General Morphology and Structure
The Penaeaceae family consists of herbs, shrubs, and trees, primarily found in tropical regions. The plants in this family, like most angiosperms, have a well-developed root system, stems, and leaves. The stems may be woody or herbaceous, and they typically branch above the ground. The leaves are simple, arranged oppositely or alternately along the stem, and have petioles, which join the blade to the stem. The general structure of plants in this family is similar to that of many other angiosperms.
Anatomical Features and Adaptations
One of the most notable adaptations in Penaeaceae plants is the presence of trichomes on the leaves, stems, and flowers. These hair-like structures may be simple or branched and serve to protect the plant from herbivores and water loss. Another adaptation is the production of secondary metabolites, such as flavonoids, which have antimicrobial and antioxidant properties. These compounds may be responsible for the medicinal properties attributed to some species in this family.
Leaf Shapes and Other Distinctive Characteristics
There is considerable variation in the leaf shapes and other characteristics among the Penaeaceae family members. For example, some species have entire leaves, while others have lobed or toothed leaves. The leaf margins may be smooth or serrated. Some species produce flowers in terminal or axillary inflorescences, while others produce solitary blooms. The flowers are typically bisexual, with a colorful corolla and stamens fused to the style. In some species, the flowers are visited by specific pollinators, such as hummingbirds or bees, which may influence the floral shape and color.
Reproductive Strategies in Penaeaceae PlantsPenaeaceae plants employ a range of reproductive strategies to ensure successful reproduction. These include both sexual and asexual reproduction. Sexual reproduction occurs through the production of flowers, which are responsible for the development of seeds. Asexual reproduction can occur through the production of vegetative shoots or runners.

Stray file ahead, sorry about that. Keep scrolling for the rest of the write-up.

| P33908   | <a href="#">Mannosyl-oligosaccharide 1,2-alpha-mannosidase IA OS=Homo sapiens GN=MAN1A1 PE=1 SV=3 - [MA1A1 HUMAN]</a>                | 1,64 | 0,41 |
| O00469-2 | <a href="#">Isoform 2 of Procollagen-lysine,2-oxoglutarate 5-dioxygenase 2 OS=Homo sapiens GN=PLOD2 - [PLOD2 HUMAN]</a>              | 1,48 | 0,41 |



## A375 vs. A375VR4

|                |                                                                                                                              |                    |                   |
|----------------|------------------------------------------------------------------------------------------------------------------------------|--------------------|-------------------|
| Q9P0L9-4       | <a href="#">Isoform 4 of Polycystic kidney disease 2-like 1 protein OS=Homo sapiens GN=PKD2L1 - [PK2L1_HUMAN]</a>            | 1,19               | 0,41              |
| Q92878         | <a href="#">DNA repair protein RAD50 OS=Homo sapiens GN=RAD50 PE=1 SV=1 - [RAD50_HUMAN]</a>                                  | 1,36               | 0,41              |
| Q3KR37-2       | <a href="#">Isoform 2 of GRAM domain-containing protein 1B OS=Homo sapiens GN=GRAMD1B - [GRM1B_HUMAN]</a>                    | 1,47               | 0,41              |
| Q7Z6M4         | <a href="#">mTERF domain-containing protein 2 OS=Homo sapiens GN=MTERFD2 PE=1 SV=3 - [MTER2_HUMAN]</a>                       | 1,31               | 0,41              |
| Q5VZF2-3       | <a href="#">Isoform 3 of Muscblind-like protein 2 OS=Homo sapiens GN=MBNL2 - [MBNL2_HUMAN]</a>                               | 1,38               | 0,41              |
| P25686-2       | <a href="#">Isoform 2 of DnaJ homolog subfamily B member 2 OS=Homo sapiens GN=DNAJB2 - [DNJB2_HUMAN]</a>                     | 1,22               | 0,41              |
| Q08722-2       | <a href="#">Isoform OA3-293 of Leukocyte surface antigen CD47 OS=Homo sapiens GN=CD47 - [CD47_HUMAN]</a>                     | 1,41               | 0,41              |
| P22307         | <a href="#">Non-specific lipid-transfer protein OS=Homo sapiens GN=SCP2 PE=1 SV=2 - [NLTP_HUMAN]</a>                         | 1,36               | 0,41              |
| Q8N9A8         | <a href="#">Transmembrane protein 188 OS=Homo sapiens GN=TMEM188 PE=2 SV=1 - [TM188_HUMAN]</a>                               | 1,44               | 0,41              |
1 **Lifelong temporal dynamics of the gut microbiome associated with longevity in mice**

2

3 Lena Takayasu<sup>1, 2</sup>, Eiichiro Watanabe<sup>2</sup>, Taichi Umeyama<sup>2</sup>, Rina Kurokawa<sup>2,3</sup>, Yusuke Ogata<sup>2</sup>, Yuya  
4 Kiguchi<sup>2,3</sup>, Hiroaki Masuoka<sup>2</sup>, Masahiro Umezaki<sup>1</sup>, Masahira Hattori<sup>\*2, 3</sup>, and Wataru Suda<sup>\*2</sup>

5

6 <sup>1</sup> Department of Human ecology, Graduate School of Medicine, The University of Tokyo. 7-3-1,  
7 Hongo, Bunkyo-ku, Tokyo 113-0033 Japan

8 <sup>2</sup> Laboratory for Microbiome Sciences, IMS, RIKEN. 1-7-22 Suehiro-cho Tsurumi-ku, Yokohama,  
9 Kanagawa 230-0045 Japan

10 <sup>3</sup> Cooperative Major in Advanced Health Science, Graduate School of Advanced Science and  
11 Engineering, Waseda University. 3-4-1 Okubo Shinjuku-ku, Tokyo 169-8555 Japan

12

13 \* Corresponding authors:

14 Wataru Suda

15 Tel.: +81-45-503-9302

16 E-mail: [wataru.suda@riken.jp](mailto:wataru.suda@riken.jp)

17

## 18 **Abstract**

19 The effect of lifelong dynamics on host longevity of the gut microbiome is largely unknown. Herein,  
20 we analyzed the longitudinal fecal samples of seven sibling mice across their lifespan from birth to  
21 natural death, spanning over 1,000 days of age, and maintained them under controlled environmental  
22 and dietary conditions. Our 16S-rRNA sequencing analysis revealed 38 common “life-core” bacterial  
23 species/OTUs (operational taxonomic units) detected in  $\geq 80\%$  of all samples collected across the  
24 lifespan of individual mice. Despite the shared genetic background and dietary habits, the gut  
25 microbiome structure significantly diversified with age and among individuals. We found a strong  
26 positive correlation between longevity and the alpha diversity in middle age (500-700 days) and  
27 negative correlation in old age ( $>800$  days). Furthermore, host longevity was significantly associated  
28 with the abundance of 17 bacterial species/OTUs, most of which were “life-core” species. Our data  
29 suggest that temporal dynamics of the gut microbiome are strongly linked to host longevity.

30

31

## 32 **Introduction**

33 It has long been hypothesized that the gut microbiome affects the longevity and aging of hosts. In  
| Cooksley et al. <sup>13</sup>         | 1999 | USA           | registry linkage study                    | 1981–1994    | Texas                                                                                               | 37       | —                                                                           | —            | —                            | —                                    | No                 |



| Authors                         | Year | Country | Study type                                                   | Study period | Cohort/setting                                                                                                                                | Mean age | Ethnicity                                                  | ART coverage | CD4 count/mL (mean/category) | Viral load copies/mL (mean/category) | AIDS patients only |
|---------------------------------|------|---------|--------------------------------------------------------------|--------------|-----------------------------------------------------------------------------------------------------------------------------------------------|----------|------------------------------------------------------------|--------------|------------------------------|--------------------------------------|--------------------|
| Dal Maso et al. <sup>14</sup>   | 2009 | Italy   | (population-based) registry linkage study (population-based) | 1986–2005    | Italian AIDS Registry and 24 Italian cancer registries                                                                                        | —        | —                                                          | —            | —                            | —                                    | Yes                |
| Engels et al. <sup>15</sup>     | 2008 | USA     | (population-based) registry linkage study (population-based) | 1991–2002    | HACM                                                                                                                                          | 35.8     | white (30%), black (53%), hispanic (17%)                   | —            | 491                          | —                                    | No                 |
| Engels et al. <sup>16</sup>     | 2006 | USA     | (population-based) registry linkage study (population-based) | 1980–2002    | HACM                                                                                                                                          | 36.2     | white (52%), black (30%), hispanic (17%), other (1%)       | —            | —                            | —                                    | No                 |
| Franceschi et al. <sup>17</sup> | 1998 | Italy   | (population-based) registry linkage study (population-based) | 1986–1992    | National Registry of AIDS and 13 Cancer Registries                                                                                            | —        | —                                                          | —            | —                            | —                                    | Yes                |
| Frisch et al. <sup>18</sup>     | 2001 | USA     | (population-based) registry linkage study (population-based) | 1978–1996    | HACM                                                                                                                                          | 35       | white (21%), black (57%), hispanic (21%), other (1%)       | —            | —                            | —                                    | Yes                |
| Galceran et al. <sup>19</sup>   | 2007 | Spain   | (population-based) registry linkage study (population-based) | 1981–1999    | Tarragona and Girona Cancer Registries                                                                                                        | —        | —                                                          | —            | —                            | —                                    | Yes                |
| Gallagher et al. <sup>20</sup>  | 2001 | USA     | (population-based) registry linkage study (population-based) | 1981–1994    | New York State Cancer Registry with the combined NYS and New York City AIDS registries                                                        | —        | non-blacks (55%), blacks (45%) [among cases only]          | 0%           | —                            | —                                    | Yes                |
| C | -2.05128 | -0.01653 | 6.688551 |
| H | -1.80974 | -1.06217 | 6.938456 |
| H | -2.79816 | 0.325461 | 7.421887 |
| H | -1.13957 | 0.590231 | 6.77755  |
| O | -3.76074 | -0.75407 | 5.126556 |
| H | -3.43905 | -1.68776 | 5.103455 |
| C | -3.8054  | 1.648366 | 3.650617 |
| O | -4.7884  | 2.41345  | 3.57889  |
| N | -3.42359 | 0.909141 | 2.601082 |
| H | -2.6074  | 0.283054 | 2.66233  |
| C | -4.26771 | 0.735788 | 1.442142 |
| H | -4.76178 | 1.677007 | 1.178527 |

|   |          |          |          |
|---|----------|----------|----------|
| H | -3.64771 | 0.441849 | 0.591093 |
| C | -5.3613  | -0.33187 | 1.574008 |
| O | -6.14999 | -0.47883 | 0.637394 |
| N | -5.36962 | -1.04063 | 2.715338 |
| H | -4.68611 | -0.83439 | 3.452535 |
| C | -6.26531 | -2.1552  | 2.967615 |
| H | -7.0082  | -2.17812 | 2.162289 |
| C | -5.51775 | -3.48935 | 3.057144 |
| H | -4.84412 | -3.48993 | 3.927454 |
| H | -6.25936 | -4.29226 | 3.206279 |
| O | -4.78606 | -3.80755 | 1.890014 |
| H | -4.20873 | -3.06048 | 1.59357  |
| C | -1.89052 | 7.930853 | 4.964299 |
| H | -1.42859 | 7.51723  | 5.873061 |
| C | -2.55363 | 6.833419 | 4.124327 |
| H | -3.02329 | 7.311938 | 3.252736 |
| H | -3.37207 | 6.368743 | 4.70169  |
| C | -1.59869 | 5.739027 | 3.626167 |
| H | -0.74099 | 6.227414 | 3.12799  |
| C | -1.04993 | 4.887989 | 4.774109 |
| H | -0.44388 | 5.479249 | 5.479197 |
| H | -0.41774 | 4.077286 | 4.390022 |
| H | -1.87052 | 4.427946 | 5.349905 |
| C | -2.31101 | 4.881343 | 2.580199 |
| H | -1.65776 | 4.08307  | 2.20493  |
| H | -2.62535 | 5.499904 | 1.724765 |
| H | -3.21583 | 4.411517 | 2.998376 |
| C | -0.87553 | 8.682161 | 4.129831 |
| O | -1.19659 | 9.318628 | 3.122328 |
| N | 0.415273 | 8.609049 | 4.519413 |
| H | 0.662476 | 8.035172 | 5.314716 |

Mechanisms of ReproductionPlants in the Penaeaceae family have evolved specialized mechanisms of reproduction. Most species have perfect flowers with a long tubular corolla that accommodates the proboscis of their pollinators. Pollination occurs through a wide range of visitors, including bees, butterflies, moths, and even birds.
Flowering Patterns and Pollination StrategiesPenaeaceae plants typically have a consistent, predictable flowering pattern. The flowers color varies from white, pink, red, and lavender, with the stamens ripening before the stigma. The pollination strategies employed by Penaeaceae plants include both self-pollination and cross-pollination. Self-pollination typically occurs in species where the anthers and stigma are positioned closely together, while cross-pollination usually occurs through the assistance of pollinators.
Seed Dispersal Methods and AdaptationsPenaeaceae plants primarily disperse their seeds through wind, water, or animals. Many species have developed specialized adaptations for this purpose, including the production of lightweight seeds or structures that facilitate wind dispersal. Others have fruits that resemble berries, which are eaten and then excreted by animals, dispersing the seeds. Some species of Penaeaceae plants have even evolved specialized pods that burst open explosively, ejecting the seeds up to several meters away from the parent plant. This adaptation ensures that the seeds are dispersed further away from the parent plant, increasing the chances of survival.